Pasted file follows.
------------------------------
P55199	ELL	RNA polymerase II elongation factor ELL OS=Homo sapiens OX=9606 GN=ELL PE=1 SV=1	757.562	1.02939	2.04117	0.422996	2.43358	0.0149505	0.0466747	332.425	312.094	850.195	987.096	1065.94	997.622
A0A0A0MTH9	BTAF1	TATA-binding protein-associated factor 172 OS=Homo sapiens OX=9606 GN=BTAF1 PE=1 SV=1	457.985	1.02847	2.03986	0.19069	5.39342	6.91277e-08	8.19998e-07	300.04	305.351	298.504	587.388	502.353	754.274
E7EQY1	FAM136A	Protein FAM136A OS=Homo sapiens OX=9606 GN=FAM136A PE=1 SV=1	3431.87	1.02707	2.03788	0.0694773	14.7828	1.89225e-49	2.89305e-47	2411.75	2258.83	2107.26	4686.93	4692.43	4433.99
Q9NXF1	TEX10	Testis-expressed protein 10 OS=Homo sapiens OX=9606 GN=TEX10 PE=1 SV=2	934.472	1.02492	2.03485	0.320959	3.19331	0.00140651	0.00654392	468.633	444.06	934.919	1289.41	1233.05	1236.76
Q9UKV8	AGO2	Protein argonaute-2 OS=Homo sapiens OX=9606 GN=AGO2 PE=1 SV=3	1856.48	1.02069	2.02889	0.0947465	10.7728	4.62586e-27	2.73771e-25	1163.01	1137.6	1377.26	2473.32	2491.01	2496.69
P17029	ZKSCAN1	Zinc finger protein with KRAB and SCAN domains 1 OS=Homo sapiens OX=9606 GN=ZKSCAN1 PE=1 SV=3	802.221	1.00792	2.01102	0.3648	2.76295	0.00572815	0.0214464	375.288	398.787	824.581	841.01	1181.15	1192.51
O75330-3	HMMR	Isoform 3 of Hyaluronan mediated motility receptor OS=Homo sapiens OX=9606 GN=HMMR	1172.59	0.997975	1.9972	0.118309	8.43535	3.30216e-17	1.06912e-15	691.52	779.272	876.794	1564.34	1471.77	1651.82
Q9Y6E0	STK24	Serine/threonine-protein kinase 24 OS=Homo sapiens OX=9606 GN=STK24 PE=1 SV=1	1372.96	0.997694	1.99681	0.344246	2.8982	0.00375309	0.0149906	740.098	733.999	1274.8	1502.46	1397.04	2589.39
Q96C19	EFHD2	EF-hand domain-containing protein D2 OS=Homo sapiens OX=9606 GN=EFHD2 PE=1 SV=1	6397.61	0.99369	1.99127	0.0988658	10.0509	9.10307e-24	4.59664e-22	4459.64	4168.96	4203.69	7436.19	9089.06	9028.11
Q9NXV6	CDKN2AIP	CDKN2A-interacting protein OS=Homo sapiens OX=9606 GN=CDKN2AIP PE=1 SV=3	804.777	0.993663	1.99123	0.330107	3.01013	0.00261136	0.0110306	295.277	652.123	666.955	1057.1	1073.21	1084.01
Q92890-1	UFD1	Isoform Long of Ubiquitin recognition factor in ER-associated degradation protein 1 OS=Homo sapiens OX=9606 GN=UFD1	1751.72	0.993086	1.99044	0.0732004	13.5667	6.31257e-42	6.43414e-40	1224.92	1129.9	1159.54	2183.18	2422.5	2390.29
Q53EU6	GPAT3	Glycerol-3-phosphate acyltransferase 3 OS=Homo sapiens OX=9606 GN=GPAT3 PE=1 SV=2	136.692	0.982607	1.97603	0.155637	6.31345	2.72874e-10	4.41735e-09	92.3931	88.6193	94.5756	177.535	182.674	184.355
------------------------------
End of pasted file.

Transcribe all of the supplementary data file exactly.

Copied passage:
P55199	ELL	RNA polymerase II elongation factor ELL OS=Homo sapiens OX=9606 GN=ELL PE=1 SV=1	757.562	1.02939	2.04117	0.422996	2.43358	0.0149505	0.0466747	332.425	312.094	850.195	987.096	1065.94	997.622
A0A0A0MTH9	BTAF1	TATA-binding protein-associated factor 172 OS=Homo sapiens OX=9606 GN=BTAF1 PE=1 SV=1	457.985	1.02847	2.03986	0.19069	5.39342	6.91277e-08	8.19998e-07	300.04	305.351	298.504	587.388	502.353	754.274
E7EQY1	FAM136A	Protein FAM136A OS=Homo sapiens OX=9606 GN=FAM136A PE=1 SV=1	3431.87	1.02707	2.03788	0.0694773	14.7828	1.89225e-49	2.89305e-47	2411.75	2258.83	2107.26	4686.93	4692.43	4433.99
Q9NXF1	TEX10	Testis-expressed protein 10 OS=Homo sapiens OX=9606 GN=TEX10 PE=1 SV=2	934.472	1.02492	2.03485	0.320959	3.19331	0.00140651	0.00654392	468.633	444.06	934.919	1289.41	1233.05	1236.76
Q9UKV8	AGO2	Protein argonaute-2 OS=Homo sapiens OX=9606 GN=AGO2 PE=1 SV=3	1856.48	1.02069	2.02889	0.0947465	10.7728	4.62586e-27	2.73771e-25	1163.01	1137.6	1377.26	2473.32	2491.01	2496.69
P17029	ZKSCAN1	Zinc finger protein with KRAB and SCAN domains 1 OS=Homo sapiens OX=9606 GN=ZKSCAN1 PE=1 SV=3	802.221	1.00792	2.01102	0.3648	2.76295	0.00572815	0.0214464	375.288	398.787	824.581	841.01	1181.15	1192.51
O75330-3	HMMR	Isoform 3 of Hyaluronan mediated motility receptor OS=Homo sapiens OX=9606 GN=HMMR	1172.59	0.997975	1.9972	0.118309	8.43535	3.30216e-17	1.06912e-15	691.52	779.272	876.794	1564.34	1471.77	1651.82
Q9Y6E0	STK24	Serine/threonine-protein kinase 24 OS=Homo sapiens OX=9606 GN=STK24 PE=1 SV=1	1372.96	0.997694	1.99681	0.344246	2.8982	0.00375309	0.0149906	740.098	733.999	1274.8	1502.46	1397.04	2589.39
Q96C19	EFHD2	EF-hand domain-containing protein D2 OS=Homo sapiens OX=9606 GN=EFHD2 PE=1 SV=1	6397.61	0.99369	1.99127	0.0988658	10.0509	9.10307e-24	4.59664e-22	4459.64	4168.96	4203.69	7436.19	9089.06	9028.11
Q9NXV6	CDKN2AIP	CDKN2A-interacting protein OS=Homo sapiens OX=9606 GN=CDKN2AIP PE=1 SV=3	804.777	0.993663	1.99123	0.330107	3.01013	0.00261136	0.0110306	295.277	652.123	666.955	1057.1	1073.21	1084.01
Q92890-1	UFD1	Isoform Long of Ubiquitin recognition factor in ER-associated degradation protein 1 OS=Homo sapiens OX=9606 GN=UFD1	1751.72	0.993086	1.99044	0.0732004	13.5667	6.31257e-42	6.43414e-40	1224.92	1129.9	1159.54	2183.18	2422.5	2390.29
Q53EU6	GPAT3	Glycerol-3-phosphate acyltransferase 3 OS=Homo sapiens OX=9606 GN=GPAT3 PE=1 SV=2	136.692	0.982607	1.97603	0.155637	6.31345	2.72874e-10	4.41735e-09	92.3931	88.6193	94.5756	177.535	182.674	184.355